Libya's Supreme Court has upheld death sentences imposed in 2004 on five Bulgarian nurses and a Palestinian doctor for infecting children with HIV.
The foreign medics have always insisted they are innocent
However, a mediating body is now said to have agreed a financial settlement with the children's families.
The High Judiciary Council, which can overrule the Supreme Court, is to meet on Monday to confirm, annul or amend the death penalty verdicts.
The imprisonment of the medics has caused an international outcry.
They insist they are innocent of deliberately giving tainted blood to the children at the Benghazi hospital in 1998.
A spokesman for the Libyan parents, Idriss Lagha - himself the father of one of the victims - confirmed a final deal had been reached with all the interested parties involved, including the European Union and the Libyan government.
TRIAL IN DATES
1999: 19 Bulgarian medics and a Palestinian doctor are arrested at a Benghazi hospital after an outbreak of HIV/Aids among children. 13 are later freed
May 2004: Libya convicts and sentences five Bulgarian nurses and the Palestinian doctor for infecting children with HIV. A Bulgarian doctor is freed
Dec 2005: Libyan Supreme Court overturns the convictions and orders a retrial
Dec 2006: Medics sentenced to death a second time
Feb 2007: Medics appeal to the Libyan Supreme Court
June 2007: Top EU officials hold talks in Libya to try to secure medics' release
11 July 2007: Libya's Supreme Court upholds death sentences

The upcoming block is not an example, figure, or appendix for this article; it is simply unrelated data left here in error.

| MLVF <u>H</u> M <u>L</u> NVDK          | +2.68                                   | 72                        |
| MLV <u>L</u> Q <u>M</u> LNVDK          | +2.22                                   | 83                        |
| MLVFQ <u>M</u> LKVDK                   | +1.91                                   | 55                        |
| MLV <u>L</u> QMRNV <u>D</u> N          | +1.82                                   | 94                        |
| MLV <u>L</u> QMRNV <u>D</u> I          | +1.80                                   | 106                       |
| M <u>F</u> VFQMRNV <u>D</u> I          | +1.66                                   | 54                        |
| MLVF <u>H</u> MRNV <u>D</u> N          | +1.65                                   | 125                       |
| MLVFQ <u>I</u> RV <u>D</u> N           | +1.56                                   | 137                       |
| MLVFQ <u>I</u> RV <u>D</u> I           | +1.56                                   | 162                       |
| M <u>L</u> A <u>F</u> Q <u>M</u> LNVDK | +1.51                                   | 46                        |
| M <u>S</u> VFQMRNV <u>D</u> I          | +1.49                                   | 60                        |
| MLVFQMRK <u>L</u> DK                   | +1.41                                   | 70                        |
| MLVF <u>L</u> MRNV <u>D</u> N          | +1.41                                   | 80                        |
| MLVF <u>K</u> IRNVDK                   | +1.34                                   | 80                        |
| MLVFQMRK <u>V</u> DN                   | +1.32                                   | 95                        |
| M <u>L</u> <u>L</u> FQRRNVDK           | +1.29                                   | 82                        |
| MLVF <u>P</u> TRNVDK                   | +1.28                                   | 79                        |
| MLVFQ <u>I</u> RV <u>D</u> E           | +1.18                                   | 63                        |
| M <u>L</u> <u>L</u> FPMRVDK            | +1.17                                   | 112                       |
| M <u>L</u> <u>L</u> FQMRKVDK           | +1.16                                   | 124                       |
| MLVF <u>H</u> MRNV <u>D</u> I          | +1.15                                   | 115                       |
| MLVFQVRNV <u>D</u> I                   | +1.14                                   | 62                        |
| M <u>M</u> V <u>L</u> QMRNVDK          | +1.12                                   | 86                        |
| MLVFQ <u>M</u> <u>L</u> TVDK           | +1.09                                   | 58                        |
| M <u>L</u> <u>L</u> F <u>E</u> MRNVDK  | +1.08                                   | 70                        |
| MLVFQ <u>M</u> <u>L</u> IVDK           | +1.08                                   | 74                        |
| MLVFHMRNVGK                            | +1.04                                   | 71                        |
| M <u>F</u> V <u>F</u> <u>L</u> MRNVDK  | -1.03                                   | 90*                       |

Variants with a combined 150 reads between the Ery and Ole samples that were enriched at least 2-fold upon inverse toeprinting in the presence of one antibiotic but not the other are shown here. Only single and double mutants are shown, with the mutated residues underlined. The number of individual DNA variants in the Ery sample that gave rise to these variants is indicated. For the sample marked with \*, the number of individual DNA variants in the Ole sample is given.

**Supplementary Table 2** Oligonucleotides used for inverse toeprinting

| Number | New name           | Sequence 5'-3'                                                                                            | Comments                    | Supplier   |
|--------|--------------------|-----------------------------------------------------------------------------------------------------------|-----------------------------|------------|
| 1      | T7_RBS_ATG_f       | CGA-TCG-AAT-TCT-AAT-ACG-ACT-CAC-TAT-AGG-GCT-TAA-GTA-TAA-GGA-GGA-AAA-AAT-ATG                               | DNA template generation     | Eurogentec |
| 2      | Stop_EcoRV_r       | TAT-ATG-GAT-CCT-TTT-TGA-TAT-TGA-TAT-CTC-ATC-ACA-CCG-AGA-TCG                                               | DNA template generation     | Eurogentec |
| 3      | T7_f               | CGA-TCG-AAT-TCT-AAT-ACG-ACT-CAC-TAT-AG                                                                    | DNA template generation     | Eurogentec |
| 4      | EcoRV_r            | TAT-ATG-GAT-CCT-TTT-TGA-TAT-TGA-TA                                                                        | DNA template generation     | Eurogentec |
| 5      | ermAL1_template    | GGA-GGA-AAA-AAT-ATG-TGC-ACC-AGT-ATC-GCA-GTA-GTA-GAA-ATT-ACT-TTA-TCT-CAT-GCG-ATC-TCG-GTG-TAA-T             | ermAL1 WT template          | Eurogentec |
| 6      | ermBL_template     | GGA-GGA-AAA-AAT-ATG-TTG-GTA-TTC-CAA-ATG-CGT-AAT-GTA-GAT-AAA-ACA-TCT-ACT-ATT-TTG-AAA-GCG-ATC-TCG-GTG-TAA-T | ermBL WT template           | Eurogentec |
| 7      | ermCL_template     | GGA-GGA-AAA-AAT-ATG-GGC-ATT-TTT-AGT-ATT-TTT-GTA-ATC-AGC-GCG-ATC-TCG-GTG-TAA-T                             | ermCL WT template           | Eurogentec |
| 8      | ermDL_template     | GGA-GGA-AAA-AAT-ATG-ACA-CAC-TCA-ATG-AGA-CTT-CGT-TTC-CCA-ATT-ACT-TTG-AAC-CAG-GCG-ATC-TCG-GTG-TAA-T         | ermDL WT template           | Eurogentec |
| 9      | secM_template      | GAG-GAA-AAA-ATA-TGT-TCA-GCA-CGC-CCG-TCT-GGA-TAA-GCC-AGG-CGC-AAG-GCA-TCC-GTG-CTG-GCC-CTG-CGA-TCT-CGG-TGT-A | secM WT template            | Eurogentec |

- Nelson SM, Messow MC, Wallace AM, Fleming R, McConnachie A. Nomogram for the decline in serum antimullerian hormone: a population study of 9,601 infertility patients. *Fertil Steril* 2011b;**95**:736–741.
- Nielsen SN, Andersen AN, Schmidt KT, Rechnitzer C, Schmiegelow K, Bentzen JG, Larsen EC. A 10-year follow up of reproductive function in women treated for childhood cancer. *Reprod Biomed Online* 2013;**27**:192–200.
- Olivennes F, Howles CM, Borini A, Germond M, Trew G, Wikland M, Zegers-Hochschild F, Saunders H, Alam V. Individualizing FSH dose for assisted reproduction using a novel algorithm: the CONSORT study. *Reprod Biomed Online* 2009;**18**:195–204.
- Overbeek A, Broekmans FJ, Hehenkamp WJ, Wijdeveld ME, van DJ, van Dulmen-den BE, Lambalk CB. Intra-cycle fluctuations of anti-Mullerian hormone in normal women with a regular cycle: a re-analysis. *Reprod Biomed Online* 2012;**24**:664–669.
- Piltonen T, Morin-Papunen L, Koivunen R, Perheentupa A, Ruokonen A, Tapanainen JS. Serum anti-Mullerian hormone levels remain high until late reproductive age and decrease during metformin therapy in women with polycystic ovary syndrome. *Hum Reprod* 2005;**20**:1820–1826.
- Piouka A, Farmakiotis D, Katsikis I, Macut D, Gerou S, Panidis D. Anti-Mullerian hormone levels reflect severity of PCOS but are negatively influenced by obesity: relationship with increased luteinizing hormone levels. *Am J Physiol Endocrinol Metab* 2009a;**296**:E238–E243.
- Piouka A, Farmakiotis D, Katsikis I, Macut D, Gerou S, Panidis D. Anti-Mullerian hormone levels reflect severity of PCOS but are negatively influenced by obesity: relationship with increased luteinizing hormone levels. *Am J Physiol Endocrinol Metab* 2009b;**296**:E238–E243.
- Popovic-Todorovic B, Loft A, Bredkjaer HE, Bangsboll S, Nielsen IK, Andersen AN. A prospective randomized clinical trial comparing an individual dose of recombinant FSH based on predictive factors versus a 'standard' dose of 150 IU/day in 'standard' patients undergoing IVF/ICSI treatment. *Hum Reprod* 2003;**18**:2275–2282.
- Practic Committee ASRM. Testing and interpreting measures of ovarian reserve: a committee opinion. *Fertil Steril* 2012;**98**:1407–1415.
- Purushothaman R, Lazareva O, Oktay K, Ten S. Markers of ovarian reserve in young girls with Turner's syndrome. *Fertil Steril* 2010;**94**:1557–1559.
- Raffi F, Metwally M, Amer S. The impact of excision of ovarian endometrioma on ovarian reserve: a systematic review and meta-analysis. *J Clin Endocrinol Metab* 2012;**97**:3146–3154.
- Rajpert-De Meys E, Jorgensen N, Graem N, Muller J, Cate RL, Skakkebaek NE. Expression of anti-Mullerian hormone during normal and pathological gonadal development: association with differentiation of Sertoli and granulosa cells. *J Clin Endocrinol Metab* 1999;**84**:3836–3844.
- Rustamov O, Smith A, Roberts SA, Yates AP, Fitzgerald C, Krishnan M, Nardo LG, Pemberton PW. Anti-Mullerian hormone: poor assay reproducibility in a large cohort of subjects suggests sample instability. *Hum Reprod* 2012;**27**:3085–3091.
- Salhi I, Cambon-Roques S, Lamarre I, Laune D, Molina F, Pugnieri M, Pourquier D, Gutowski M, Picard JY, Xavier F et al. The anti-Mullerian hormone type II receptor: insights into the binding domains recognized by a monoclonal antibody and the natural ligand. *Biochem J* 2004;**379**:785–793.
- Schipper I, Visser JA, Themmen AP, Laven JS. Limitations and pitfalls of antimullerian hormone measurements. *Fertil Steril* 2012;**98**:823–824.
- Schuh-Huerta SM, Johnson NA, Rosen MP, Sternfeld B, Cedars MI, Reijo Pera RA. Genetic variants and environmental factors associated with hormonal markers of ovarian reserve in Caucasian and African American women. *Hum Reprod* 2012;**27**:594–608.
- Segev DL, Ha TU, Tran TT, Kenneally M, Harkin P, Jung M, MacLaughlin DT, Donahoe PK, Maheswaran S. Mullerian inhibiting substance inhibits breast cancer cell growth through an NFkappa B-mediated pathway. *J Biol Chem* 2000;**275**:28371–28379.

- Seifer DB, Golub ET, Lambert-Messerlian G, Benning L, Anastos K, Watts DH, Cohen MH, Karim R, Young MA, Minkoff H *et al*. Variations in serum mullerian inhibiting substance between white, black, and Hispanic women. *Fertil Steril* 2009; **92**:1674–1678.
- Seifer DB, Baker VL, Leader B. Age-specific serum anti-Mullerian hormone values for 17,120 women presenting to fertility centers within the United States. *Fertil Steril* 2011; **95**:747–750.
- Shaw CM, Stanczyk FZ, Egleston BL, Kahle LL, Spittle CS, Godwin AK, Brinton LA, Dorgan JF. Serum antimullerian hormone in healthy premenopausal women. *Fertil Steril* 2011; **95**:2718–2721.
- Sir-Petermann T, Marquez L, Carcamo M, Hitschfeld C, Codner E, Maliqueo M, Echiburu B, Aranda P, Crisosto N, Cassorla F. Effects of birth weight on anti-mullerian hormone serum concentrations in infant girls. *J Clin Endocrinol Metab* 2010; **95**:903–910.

But the contents of the deal, reportedly brokered by the Gaddafi Foundation, remain vague.
Mr Lagha said details of the agreement will be made public in the coming hours or days.
The BBC's Rana Jawad, in Tripoli, says any financial settlement with the families of the infected children means they will drop their rights to pursue the death penalty.
Tripoli says that when it meets on Monday, the High Judiciary Council will take into account any financial compensation to the infected children's families and the amount of time already served by the prisoners.
Its decision will be final and irreversible.
Whatever the outcome, the latest developments signal a near end to this eight-year saga, our correspondent adds.
Speaking after the Supreme Court ruling, Bulgarian President Georgi Parvanov urged Libya to find a quick solution.
"Unfortunately, the court's ruling today is not a surprise. We expected the death sentences to be confirmed. We expect and insist for a swift solution by Libya's High Judicial Council to finally complete the case," he said.
The families of the infected children had previously demanded the maximum punishment.
The European Commission said it regretted the decision by Libya's Supreme Court, and the EU's External Relations Commissioner, Benita Ferrero-Waldner, said she hoped the Libyan authorities would show clemency to the medics.
In recent months, the European Union has stepped up diplomatic efforts to have the medics freed.
The United States has also been involved, with President George W Bush appealing for their release in June.
The six medics were found guilty and sentenced to death twice, first in 2004 and again in 2006 following a court appeal.
During their trial, one of the doctors who helped first isolate the HIV virus, Luc Montagnier, said the hospital epidemic began before the foreign medics started working at the hospital.
The government in Tripoli is caught between its wish to repair ties with the West and to defend its own legal system, the BBC's Eastern Europe reporter Nick Thorpe says.
Fifty-six of the 438 children infected with tainted blood at the Benghazi hospital have since died.